Color me annoyed.
The press has been going nuts about remarks concerning atheists that Pope Francis made at one of his daily homilies.
As usual, the press is hyping the remarks as if they are earthshaking, unprecedented, and in contrast to mean ol’ Pope Emeritus Benedict.
I know this will come as a shock, but . . . they’re getting the story wrong.
Here’s the story . . .
Let’s start with the context in which Pope Francis made the remarks: One of his homilies at daily Mass, celebrated in St. Martha’s House (where he lives).
Pope Francis is in the habit of saying daily Mass for the people at St. Martha’s House and invited guests, and when he does so he gives an off-the-cuff homily (rather than reading from a prepared text).
This is actually something new.
John Paul II and Benedict XVI did not do this. They did not celebrate daily Mass as publicly as Pope Francis, and they did not have daily homilies published in this way. Instead, they occasionally delivered prepared homilies at public Masses on special occasions, and only these were published. As a result, if you look at the Vatican web site, there are surprisingly few homilies listed in their sections!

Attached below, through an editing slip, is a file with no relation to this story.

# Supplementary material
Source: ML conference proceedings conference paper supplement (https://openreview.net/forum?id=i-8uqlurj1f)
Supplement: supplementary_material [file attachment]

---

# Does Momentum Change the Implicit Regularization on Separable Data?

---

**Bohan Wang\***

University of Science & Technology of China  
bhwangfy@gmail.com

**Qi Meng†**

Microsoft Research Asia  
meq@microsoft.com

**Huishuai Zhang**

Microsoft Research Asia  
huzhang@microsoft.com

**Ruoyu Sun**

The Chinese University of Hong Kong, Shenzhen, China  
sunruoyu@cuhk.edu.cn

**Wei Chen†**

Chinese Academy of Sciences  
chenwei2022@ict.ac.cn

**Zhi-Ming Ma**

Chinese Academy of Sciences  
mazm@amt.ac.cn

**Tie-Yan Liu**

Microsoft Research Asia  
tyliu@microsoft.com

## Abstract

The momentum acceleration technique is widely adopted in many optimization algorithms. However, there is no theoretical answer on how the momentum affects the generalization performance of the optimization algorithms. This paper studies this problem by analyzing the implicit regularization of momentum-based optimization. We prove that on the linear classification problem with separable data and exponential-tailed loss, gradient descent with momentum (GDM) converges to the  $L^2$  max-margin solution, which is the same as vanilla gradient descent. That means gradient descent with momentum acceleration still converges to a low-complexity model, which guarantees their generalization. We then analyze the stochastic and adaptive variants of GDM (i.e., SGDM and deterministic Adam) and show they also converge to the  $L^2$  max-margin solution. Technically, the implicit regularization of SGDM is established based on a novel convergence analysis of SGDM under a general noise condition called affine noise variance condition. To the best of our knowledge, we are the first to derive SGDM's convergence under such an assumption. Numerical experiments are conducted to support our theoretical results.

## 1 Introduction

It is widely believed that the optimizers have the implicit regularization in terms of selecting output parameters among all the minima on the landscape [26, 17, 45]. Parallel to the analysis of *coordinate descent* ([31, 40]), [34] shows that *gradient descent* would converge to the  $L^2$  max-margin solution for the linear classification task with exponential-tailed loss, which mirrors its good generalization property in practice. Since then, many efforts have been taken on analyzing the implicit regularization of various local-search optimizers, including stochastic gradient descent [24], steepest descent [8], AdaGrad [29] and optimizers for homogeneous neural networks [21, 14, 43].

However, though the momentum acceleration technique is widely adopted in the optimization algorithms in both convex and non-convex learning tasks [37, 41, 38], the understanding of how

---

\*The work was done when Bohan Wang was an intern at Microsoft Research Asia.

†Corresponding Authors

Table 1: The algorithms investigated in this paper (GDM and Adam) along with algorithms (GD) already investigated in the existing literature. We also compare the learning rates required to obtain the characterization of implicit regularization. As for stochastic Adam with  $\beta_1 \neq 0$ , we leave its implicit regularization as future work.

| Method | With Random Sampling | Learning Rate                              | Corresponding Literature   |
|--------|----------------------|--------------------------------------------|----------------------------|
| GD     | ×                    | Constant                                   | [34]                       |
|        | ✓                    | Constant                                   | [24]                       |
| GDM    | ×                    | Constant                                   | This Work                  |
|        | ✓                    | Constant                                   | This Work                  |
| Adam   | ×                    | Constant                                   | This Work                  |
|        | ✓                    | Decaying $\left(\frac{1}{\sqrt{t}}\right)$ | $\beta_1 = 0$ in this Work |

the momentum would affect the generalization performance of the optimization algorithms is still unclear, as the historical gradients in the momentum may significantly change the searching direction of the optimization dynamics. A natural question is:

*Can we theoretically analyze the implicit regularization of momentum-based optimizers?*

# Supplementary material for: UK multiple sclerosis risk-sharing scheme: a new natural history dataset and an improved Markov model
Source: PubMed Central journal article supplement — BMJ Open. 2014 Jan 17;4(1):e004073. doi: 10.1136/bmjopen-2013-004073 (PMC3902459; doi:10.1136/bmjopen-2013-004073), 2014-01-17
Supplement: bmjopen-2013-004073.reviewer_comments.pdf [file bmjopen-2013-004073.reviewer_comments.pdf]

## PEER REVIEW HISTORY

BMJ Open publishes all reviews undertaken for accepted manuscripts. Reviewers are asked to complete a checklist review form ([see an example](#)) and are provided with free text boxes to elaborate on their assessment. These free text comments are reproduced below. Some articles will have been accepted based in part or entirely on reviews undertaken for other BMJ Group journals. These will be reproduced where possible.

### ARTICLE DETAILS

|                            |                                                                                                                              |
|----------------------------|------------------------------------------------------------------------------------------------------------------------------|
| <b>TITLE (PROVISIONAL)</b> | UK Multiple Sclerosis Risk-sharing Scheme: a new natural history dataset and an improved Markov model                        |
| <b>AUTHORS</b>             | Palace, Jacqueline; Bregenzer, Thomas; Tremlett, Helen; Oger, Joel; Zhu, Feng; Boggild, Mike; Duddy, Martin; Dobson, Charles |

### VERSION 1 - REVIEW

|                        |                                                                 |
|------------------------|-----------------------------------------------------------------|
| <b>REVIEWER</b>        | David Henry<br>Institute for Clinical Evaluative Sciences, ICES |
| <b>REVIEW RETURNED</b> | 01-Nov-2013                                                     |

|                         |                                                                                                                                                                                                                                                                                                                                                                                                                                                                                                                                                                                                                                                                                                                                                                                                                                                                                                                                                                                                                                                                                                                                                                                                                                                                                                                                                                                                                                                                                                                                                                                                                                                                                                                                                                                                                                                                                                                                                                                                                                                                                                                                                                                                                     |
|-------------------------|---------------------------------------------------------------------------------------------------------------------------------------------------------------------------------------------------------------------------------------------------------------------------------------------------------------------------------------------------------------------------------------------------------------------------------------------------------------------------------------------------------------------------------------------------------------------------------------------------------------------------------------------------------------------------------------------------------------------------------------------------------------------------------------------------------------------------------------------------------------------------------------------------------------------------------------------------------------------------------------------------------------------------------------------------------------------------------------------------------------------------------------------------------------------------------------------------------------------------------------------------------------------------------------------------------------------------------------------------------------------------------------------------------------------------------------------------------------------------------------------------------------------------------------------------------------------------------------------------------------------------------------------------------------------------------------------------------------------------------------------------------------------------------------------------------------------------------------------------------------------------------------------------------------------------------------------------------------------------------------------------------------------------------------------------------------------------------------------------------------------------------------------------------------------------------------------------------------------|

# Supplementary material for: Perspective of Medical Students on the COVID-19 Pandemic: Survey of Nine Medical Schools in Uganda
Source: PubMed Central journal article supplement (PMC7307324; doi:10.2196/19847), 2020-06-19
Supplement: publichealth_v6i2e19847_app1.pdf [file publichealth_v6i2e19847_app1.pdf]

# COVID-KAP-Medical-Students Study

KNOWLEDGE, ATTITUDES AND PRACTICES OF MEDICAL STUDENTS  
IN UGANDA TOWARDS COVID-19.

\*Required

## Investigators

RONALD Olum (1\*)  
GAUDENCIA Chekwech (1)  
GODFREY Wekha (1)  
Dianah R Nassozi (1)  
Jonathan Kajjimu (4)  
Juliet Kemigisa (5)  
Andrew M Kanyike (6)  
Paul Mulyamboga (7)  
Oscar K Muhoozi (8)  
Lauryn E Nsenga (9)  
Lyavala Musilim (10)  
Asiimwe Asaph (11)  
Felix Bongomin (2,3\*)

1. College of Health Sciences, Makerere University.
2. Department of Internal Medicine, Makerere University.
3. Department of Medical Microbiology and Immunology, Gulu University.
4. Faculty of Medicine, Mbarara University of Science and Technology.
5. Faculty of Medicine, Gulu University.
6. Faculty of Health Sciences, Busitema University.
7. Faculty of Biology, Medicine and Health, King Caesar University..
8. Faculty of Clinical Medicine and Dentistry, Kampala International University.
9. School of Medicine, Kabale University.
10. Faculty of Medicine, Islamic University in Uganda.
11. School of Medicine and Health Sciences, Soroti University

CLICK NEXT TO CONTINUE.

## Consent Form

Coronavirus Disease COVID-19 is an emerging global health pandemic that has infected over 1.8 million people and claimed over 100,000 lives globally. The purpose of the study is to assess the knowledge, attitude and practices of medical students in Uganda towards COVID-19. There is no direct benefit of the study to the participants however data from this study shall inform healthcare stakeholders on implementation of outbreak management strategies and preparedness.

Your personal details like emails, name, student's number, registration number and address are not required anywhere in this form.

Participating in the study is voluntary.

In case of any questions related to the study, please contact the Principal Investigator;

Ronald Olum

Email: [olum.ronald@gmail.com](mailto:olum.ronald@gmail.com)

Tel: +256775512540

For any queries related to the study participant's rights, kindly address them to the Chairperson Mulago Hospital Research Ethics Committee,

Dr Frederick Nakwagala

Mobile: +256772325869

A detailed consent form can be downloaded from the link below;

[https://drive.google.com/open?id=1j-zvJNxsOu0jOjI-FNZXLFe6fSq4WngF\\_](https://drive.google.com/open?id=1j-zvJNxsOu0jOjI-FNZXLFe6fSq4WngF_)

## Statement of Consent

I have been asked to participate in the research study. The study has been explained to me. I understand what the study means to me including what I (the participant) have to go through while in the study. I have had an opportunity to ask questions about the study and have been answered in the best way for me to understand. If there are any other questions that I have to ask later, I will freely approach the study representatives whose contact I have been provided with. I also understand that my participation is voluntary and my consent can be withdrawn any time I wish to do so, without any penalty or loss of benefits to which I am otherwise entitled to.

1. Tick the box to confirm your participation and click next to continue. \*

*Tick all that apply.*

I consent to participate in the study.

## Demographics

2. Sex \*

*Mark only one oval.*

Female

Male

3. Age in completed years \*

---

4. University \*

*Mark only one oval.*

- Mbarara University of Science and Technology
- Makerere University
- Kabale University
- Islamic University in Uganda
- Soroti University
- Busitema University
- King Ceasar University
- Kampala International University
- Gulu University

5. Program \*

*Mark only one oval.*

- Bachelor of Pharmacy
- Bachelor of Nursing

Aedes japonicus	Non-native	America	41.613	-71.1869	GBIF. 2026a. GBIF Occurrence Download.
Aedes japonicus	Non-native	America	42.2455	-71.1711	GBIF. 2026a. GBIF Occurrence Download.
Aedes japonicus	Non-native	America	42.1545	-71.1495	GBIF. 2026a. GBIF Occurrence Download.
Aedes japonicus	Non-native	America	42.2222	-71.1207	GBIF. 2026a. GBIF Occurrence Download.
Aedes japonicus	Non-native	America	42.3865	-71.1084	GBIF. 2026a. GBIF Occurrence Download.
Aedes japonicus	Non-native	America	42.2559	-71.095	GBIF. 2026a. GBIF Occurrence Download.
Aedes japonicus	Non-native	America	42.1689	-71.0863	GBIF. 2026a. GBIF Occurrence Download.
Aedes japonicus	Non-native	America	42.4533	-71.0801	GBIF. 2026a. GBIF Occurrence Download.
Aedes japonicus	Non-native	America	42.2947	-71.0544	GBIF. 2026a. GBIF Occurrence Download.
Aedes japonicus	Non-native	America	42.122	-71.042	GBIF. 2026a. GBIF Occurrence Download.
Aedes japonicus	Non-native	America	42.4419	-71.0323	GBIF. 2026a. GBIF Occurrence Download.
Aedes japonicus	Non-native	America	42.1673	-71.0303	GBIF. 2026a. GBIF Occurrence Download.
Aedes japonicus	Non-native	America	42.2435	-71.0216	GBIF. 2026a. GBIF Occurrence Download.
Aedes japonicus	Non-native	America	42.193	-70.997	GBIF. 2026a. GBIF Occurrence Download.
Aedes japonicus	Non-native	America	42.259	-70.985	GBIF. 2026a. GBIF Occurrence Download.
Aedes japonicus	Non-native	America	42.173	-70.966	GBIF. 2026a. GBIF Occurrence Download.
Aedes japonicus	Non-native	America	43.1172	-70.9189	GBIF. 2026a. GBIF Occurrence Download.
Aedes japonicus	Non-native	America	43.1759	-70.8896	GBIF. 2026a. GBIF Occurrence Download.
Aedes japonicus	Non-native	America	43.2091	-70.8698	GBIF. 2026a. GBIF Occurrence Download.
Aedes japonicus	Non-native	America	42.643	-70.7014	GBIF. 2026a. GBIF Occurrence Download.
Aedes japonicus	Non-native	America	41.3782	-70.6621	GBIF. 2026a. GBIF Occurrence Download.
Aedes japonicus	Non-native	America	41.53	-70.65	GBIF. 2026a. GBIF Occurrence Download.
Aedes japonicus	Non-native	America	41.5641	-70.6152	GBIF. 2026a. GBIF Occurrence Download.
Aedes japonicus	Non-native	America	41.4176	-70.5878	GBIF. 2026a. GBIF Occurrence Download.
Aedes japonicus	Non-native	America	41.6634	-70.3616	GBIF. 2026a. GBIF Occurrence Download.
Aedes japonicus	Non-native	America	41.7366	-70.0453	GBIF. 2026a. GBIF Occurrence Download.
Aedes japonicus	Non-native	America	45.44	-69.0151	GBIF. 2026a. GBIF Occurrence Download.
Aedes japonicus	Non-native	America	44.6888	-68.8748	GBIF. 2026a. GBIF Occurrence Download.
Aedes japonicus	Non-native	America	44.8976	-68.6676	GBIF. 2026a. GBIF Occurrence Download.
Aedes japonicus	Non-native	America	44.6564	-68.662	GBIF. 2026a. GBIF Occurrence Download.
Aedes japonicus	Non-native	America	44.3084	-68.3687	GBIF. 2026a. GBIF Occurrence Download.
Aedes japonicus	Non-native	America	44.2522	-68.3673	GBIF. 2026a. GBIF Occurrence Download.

As a result, the Vatican web people aren’t scaled up for this volume of homilies, and–MADDENINGLY–you can’t find complete texts of Pope Francis’s daily ones on the site.
They, apparently, aren’t running these homilies through “the usual process,” which involves transcribing what the pope says in off-the-cuff remarks, showing him the transcript so that he can revise it if needed, and then translating and publishing them.
As a result, we’re not getting complete transcripts of these homilies, only partial ones, such as those carried by Vatican Radio.
And that, right there, is a problem. It drives me nuts, because these homilies contain interesting information, but I hesitate to comment on anything for which I don’t have a complete text.